The father-in-law should avoid daughter-in-law. The bride must also avoid mother- in-law’s brothers. The son-in-law must also avoid his mother-in-law and other female relatives of his wife, [mostly mother-in-law’s sisters], (i) Amongst the Yukafir, the son-in-law is not supposed to see the faces of his mother-in-law and father-in-law. (ii) Amongst the Ostiyak, the married man is not supposed to see the face of his mother-in-law at least till he gets a child, (iii) Amongst the Aruntas, if the mother-in-law enters or approaches the hut of her son-in-law she would be excommunicated. (iv) Amongst the Veddas of Ceylone elder brother and sisters are not supposed’ to live in the same house and even eat together. In some societies, even the husband and wife are not supposed to touch each other or show affection in the presence of others. Calling of the personal name is also tabooed.
Example: The Hindu wife is not supposed to call her husband by his name. The rule of avoidance is believed to serve two purposes: 1. Avoidance rules serve to stop the development of complications in the relations between the parties concerned. It is said it seeks to minimise the chance of the development of open hostility in the relations between the parties.
2. According to the Murdock G.P., rules of avoidance exists because they reinforce incest taboos. Short essay on Joking Relationships: “A joking relationship involves a particular combination of friendliness and antagonism between individuals and groups in certain social situations.
In these situations one individual or group is allowed to mock or ridicule the other without offence being taken”. Duncan Mitchell. The usage of the joking relationship permits to tease and make fun of the other. Such relationships prevail between a grandson or grand-daughter on the one hand, his or her grand-father and grand-mother, on the other. Example: (i) Amongst the Oraons of Orissa and the Baigas of Madhya Pradesh such relationships prevail between the grandfather and grandmother and their grand children. Majumdar and Madan have cited the example of a case in which a grandfather had married his grand-daughter and got a child in her. (ii) Amongst the Crow-Indians such relationships may prevail between a man and his wife’s sisters.
They could be very friendly and even talk freely about sex matters. (iii) Amongst the original inhabitants of Fiji Island a son-in-law could be very friendly with his father-in-law and could ask for anything in his house and he may even spoil a few articles just for fun. The father-in-law is expected to bear with that and not to react harshly.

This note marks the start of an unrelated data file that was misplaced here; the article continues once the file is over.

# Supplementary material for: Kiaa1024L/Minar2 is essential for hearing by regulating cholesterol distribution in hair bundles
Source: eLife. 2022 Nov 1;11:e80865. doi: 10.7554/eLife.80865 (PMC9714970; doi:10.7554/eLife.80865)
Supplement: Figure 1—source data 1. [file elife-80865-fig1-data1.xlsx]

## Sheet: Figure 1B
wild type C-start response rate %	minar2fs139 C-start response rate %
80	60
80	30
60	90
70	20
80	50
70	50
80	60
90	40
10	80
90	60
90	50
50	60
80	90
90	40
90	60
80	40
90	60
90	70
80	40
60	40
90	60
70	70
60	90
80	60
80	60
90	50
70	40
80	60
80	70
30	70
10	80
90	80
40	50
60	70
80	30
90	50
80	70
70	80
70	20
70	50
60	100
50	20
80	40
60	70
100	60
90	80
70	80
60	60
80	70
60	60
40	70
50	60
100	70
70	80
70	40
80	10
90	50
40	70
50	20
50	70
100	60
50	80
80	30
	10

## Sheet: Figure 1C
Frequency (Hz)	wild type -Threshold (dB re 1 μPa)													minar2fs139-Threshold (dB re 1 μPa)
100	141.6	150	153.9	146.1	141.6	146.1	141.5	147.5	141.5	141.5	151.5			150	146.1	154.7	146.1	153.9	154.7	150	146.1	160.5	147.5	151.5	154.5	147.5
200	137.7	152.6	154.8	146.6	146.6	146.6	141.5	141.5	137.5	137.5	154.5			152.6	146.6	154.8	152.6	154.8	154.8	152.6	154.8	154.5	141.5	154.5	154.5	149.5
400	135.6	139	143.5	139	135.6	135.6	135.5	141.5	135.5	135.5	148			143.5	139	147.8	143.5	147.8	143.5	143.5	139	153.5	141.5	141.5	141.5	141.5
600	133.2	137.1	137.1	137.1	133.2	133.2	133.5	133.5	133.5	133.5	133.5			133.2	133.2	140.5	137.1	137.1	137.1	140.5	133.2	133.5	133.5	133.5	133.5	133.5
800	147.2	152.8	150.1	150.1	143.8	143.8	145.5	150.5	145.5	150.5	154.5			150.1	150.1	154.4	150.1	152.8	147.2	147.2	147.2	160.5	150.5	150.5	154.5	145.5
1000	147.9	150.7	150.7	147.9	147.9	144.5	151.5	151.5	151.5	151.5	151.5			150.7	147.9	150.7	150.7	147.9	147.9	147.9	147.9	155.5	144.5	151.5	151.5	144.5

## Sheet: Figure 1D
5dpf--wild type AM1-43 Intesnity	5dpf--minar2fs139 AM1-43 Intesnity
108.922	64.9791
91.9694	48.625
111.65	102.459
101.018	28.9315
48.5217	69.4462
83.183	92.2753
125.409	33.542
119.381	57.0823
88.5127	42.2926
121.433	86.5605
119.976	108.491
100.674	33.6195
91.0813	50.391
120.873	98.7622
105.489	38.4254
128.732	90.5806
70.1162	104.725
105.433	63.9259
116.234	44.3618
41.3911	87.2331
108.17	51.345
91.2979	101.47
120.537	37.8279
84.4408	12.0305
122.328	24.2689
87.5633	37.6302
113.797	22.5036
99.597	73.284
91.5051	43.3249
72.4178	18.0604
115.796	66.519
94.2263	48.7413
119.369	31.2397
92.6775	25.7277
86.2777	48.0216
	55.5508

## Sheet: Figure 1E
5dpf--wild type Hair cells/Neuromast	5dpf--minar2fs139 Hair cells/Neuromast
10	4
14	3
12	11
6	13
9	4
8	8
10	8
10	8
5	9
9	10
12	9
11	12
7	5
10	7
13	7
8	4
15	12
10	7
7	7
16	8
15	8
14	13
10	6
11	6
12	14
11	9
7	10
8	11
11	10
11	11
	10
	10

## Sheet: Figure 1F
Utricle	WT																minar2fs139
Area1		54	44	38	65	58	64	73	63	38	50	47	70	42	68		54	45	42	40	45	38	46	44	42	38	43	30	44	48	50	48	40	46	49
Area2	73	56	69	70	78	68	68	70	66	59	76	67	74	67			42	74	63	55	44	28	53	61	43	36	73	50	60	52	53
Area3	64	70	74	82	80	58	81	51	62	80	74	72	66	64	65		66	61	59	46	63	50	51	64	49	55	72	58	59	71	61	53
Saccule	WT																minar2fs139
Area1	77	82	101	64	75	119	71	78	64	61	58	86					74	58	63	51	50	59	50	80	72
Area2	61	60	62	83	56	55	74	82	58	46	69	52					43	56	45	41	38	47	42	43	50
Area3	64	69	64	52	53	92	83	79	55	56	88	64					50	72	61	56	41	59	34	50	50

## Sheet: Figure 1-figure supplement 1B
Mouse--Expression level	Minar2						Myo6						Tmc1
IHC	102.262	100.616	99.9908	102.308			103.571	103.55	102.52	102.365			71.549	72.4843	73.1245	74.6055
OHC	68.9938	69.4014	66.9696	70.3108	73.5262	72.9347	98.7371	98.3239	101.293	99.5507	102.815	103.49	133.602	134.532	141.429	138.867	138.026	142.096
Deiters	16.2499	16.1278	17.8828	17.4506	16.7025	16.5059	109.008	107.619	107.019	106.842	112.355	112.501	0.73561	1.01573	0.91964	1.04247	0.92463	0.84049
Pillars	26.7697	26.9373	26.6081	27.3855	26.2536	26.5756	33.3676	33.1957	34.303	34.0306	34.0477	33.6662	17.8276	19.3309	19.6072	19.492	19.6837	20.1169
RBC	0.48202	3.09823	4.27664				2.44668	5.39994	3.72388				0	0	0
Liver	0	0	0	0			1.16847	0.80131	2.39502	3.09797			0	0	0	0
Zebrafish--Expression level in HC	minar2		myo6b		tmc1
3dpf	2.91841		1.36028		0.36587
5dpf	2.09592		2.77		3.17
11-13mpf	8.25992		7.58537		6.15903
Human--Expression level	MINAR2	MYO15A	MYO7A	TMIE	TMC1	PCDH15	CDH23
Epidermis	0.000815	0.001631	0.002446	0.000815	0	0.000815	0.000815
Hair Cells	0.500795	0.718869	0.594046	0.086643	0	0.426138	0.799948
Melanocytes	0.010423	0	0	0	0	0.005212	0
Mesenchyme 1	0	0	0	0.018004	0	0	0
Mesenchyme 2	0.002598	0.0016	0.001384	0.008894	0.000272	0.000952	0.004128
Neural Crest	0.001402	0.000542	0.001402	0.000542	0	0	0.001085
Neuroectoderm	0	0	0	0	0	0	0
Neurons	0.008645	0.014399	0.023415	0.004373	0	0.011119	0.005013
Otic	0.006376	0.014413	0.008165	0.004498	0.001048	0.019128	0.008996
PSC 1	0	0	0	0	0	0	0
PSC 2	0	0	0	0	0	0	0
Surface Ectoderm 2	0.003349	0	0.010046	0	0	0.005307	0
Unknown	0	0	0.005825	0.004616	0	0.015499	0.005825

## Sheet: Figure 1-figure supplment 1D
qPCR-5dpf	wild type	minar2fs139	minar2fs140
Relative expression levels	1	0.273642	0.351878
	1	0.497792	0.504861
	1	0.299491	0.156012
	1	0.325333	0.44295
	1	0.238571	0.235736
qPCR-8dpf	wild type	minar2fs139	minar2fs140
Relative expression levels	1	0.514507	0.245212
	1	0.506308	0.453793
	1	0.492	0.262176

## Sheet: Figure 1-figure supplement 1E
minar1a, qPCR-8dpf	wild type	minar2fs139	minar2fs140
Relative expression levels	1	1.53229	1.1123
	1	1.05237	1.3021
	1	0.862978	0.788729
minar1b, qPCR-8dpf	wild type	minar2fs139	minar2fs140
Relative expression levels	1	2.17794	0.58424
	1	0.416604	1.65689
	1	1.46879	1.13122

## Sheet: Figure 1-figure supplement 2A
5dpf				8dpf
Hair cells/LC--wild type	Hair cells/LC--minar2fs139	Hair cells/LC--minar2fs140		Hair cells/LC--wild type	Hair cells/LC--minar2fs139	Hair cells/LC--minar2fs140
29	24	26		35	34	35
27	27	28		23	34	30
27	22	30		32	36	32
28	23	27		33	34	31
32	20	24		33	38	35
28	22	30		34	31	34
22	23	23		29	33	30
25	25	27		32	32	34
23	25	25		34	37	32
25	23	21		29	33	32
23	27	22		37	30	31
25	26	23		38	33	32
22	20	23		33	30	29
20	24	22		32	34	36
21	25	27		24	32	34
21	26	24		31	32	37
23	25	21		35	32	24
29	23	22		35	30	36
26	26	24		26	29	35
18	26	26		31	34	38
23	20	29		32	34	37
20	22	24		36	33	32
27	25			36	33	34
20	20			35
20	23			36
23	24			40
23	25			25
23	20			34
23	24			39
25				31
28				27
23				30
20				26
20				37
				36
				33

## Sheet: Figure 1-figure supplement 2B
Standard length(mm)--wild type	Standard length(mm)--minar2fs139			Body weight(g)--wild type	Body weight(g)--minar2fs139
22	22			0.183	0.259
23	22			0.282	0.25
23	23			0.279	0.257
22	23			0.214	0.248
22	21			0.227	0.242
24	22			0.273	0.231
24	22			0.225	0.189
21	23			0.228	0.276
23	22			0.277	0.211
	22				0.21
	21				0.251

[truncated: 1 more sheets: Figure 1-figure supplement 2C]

A.R. Radcliffe Brown in his book “Structure and Function in Primitive Society”, 1952 has thrown much light on this type of relationship. The origins and causes of joking relationships are not clearly known. Some enthropologists say this kind of relationship acts as a “safety valve” for giving expression or release to the pent up feelings and emotions.
As Chappie and Coon have said these relationships help the individuals to develop intimacy and closeness among themselves. 3. Teknonymy: According to this usage, a kin is not referred to directly but is referred to through another kin. Examples: (i) In a traditional Hindu family, wife does not directly utter the name of her husband but refers to her husband as the father of so and so, say, Deepti or Swathi, or Vikram or Varun, (ii) amongst the Hopi, a woman refers to her mother-in-law as the grand-mother of so and so. James Frazer has said this kind of a usage is found amongst people in many places such as Australia, New Guinea, China, North Siberia, Africa, British Columbia, Andaman Island, and so on.
4. Avunculate [Avunciate]: This refers to “the special relationship that persists in sone societies between a man and his mother’s brother” This term, from the Latin “avunculus” [mother’s brother] is sometimes used to describe the authority of the mother’s brother over his sister’s children in a matrilineal society. This usage is found in a matriarchal system in which prominence is given to the maternal uncle in the life of his nephews and nieces. 5. Amitate: Amitate is a usage which gives special role to the father’s sister. Here the father’s sister is given more respect than the mother. Examples: This usage is more prevalent amongst the Kongs of Polynesia, Thodas of Nilgiri, and amongst the Crow-Indians.
Amongst the Thodas, the child gets its name not through its parents but through the father’s sister. Because, naming the child is her privilege. This usage is normally prevalent in patrilineal systems. 6.
Couvade: This kinship usage involves only husband and wife. According to this usage, the husband is made to lead the life of an invalid along with his wife whenever she gives birth to a child. He is then not supposed to engage himself in hard work but expected to observe dieting and certain other taboos. Anthropologists have observed the practice of this usage amongst the Khasis and Thodas of India, the Karibs of South Africa. According to Malinowski, the usage of couvade contributes to a strong marital bond between the husband and wife. Some have given a phychoanalytical explanation to this practice.
“They have attributed this usage to the husband’s desire to lighten the wife’s discomfort by a process of participation through identification”.